• Using kitchen scissors, cut out and discard spine and membrane near top of salmon steak.
  • Run your fingers along interior of steak where spine was removed; use kitchen tweezers to remove and discard any pin bones (they should slide out easily).
  • Carefully remove about 1 inch of skin from one belly flap. Then tuck and roll skinned belly flap into steak to create a round steak. Secure with one or two toothpicks. Repeat with remaining steaks.
  • Season both steaks lightly with salt and pepper. Spread cornstarch intoan even layer on a small plate. Press both sides of each salmon steak into cornstarch, brushing to remove excess.
  • In a large stainless steel sauté pan, heat oil over medium-high until shimmering. Place 2 salmon steaks in skillet and cook until first side is browned, about 3 minutes. Flip salmon and cook until second side is browned, 3 minutes. Continue to cook, flipping salmon every 2 minutes, until centers are still translucent when checked with tip of paring knife and register 125ºF degrees, 2–6 minutes longer.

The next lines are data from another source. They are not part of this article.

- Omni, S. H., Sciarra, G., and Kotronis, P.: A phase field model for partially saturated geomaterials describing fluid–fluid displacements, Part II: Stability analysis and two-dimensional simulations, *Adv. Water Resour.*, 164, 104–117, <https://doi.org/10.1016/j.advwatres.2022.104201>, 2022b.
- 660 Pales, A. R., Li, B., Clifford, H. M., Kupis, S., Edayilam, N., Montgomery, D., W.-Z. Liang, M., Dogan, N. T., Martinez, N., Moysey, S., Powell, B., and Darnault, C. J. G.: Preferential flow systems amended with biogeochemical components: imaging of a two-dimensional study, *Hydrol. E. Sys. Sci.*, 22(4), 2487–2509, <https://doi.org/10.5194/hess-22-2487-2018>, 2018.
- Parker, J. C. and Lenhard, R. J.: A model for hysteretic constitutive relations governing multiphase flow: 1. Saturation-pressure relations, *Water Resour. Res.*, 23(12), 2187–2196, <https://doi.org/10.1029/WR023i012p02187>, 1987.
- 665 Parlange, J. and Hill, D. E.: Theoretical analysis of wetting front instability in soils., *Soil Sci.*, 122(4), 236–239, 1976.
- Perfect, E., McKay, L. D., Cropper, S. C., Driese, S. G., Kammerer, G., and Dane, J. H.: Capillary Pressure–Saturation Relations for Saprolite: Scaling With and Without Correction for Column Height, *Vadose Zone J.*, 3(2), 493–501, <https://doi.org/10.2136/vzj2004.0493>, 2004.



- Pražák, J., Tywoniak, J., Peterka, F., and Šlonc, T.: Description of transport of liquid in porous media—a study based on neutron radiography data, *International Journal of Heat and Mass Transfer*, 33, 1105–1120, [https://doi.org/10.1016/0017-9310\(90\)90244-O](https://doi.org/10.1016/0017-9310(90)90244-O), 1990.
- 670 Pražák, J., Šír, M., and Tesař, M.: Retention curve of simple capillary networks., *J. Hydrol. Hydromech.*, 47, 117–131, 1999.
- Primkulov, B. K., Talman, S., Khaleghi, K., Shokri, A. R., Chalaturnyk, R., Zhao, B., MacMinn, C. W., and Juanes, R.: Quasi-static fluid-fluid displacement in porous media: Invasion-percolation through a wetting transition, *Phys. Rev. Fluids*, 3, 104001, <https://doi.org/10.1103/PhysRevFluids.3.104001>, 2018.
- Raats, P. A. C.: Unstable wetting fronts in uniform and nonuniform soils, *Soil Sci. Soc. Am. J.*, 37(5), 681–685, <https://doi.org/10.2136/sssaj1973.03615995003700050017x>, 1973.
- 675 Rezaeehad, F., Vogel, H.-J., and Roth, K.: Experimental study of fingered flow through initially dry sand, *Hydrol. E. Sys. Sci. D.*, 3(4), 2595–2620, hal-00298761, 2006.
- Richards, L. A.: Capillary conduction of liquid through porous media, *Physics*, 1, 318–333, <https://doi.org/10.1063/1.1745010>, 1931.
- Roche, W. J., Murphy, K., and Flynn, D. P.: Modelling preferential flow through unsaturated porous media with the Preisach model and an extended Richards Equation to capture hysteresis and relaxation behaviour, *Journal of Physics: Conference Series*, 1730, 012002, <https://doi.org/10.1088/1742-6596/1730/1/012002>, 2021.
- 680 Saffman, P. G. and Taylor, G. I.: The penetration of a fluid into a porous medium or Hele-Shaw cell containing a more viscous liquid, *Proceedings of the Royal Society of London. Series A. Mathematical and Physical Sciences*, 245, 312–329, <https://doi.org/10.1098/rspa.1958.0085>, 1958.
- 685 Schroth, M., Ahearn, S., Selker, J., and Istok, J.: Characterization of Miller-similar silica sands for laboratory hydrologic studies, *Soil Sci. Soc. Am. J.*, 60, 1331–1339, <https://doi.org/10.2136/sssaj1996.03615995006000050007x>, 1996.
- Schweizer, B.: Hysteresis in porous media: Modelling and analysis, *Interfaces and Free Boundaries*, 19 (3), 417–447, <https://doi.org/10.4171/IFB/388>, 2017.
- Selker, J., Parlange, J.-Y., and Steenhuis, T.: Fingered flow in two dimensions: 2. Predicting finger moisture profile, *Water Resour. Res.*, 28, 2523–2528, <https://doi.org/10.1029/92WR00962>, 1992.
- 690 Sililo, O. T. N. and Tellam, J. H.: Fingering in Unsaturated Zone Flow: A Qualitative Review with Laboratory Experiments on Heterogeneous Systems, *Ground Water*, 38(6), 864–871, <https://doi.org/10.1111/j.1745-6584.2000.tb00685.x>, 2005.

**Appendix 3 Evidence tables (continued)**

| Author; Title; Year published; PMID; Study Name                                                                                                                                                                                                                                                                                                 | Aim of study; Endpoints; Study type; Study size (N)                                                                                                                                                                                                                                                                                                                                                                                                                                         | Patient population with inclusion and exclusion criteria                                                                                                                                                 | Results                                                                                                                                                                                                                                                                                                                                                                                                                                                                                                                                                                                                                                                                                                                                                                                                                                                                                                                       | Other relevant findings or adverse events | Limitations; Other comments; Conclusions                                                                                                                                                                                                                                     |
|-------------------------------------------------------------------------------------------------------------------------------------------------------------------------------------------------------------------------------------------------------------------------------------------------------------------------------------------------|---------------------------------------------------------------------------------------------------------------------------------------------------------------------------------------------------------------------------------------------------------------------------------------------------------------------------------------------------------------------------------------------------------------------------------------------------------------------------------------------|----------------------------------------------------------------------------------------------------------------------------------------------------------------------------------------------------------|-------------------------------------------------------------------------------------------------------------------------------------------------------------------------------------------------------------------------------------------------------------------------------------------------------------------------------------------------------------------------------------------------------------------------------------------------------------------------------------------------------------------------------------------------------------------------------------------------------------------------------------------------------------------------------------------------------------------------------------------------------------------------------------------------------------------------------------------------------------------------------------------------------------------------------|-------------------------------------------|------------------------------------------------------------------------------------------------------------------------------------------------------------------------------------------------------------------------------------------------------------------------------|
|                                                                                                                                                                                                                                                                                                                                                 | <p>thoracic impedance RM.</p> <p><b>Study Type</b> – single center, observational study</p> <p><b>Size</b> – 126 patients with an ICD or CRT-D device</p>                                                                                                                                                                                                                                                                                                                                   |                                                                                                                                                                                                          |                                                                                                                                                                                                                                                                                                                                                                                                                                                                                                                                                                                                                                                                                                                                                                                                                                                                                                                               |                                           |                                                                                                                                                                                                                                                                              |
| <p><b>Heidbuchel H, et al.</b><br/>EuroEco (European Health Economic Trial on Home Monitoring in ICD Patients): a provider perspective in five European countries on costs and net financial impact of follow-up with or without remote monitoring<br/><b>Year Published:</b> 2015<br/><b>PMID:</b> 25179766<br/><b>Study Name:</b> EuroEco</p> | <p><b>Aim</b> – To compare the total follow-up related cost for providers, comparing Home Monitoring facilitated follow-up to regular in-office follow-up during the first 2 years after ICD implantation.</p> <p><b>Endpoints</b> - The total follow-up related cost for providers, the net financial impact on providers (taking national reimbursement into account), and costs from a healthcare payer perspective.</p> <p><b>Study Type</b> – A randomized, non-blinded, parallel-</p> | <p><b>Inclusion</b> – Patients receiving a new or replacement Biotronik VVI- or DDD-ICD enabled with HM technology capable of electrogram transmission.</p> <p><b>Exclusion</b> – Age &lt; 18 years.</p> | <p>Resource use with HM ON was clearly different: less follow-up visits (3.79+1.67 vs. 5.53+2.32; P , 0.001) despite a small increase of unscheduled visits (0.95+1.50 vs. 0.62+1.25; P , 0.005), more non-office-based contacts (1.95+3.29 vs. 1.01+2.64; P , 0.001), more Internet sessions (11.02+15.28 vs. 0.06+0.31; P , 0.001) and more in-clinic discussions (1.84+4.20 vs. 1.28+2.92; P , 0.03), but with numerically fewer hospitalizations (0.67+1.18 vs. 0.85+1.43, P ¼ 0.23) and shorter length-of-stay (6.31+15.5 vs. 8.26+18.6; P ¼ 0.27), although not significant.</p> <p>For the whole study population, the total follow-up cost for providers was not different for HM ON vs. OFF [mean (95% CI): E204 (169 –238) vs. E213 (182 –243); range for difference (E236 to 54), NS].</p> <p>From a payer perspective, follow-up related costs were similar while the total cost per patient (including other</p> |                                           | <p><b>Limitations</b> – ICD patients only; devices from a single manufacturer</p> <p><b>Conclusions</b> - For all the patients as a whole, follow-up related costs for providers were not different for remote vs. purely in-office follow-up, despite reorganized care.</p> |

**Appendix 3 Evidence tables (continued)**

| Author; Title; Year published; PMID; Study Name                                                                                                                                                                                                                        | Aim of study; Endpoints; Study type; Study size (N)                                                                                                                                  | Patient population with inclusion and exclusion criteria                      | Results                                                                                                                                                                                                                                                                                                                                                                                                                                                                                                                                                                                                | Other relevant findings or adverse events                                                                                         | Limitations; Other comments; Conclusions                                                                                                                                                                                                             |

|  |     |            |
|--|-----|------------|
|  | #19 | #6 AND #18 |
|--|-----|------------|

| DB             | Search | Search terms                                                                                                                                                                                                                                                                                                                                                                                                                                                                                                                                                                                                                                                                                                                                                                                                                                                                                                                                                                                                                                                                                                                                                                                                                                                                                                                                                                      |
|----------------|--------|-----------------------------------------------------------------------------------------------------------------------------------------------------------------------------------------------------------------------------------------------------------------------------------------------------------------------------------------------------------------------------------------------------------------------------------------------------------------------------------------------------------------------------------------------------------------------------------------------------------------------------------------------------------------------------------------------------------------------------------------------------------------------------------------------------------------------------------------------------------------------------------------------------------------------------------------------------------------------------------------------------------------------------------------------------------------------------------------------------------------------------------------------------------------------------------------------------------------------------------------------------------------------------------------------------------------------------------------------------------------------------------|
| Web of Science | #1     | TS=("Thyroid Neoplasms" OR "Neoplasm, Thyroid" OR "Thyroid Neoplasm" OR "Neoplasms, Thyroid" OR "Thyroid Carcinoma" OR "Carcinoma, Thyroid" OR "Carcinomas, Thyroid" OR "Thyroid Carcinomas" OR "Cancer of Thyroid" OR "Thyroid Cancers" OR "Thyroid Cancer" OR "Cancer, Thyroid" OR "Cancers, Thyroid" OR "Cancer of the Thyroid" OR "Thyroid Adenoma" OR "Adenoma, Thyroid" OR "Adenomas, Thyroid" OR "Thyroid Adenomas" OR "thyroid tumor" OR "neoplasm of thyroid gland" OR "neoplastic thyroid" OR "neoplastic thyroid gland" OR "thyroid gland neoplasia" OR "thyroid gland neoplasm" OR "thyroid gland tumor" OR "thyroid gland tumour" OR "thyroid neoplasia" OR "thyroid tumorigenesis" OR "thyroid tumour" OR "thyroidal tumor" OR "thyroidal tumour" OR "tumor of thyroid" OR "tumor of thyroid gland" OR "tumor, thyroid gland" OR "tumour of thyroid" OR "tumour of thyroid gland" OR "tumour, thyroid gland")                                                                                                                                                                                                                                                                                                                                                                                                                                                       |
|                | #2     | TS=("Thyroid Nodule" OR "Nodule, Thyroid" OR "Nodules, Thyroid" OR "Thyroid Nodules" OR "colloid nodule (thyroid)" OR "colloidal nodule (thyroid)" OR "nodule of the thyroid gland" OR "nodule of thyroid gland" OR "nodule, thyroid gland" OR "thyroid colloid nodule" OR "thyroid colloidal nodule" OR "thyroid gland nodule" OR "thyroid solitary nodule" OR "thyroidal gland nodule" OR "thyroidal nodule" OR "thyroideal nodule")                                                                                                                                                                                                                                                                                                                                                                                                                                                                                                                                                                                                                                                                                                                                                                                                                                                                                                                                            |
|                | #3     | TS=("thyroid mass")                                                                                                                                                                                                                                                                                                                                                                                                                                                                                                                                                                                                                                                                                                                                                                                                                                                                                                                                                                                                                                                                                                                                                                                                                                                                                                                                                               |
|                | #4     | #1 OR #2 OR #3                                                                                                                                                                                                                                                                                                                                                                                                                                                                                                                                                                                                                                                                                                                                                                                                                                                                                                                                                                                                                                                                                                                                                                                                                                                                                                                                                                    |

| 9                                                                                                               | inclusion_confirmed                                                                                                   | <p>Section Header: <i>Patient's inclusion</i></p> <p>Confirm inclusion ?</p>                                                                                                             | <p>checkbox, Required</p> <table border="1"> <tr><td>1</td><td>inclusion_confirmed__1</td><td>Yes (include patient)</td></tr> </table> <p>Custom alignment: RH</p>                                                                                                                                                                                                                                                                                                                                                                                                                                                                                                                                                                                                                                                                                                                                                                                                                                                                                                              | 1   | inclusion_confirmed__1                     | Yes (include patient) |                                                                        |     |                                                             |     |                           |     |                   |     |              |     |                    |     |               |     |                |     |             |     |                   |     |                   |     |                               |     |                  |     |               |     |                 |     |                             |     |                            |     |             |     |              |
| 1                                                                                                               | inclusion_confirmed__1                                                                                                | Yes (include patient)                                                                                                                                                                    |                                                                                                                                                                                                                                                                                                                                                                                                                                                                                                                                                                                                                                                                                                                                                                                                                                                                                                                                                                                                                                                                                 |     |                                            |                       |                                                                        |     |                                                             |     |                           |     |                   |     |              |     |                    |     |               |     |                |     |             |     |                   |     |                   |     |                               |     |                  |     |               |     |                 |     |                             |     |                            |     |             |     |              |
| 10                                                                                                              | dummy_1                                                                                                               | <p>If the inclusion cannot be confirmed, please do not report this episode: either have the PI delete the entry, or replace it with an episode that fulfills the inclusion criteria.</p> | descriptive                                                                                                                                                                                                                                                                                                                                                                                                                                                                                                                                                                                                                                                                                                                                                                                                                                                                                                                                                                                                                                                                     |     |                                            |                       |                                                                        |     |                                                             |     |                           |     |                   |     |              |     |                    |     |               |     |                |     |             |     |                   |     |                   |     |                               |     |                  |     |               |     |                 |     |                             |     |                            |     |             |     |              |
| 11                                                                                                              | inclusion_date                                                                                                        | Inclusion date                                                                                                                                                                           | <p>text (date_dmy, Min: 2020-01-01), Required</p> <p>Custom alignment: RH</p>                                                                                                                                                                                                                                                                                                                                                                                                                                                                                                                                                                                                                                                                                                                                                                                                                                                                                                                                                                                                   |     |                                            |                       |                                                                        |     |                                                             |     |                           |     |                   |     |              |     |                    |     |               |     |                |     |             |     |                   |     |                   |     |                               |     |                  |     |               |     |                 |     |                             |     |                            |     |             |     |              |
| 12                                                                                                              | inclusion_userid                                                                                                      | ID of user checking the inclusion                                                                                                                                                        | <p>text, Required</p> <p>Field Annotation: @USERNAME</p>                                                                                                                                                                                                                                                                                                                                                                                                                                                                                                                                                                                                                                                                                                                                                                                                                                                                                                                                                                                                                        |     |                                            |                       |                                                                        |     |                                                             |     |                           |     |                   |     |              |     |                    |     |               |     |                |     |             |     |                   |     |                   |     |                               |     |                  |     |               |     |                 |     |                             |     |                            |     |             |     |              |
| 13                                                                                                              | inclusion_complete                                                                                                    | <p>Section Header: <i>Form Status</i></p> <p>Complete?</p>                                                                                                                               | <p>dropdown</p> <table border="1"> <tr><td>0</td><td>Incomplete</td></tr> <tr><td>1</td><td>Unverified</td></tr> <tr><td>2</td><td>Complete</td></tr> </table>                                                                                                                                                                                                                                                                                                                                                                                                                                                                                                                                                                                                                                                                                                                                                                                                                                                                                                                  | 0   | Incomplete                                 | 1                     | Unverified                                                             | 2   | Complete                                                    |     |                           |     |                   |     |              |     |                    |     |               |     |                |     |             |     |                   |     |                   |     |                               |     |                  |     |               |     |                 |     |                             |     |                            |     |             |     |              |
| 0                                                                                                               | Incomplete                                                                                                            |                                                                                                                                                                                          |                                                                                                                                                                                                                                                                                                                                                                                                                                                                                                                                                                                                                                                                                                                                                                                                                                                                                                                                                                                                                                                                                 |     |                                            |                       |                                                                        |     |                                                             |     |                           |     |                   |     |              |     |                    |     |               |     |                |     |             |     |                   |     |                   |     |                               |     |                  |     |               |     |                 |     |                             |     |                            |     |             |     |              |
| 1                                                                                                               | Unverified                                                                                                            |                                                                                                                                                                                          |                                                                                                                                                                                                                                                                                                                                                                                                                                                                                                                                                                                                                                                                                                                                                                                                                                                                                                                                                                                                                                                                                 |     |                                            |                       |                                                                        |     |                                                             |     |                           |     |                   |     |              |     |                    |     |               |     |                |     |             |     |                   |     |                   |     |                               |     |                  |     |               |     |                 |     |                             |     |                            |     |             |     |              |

• Transfer salmon steaks to serving platter and repeat cooking with remaining 2 steaks. Remove toothpicks before serving as desired.

Equipment

Notes

Make it a meal (as pictured): serve the salmon with this Lemon Dill Vinaigrette and some charred snap peas. To make charred snap peas, toss 1 ½ pounds trimmed snap peas with some olive oil, salt and pepper. Arrange on a baking sheet and broil about 6 inches from the heating element until browned and tender. This will take anywhere from 10 to 25 minutes depending on the strength of your broiler. Be sure to stir the peas occasionally to cook somewhat evenly.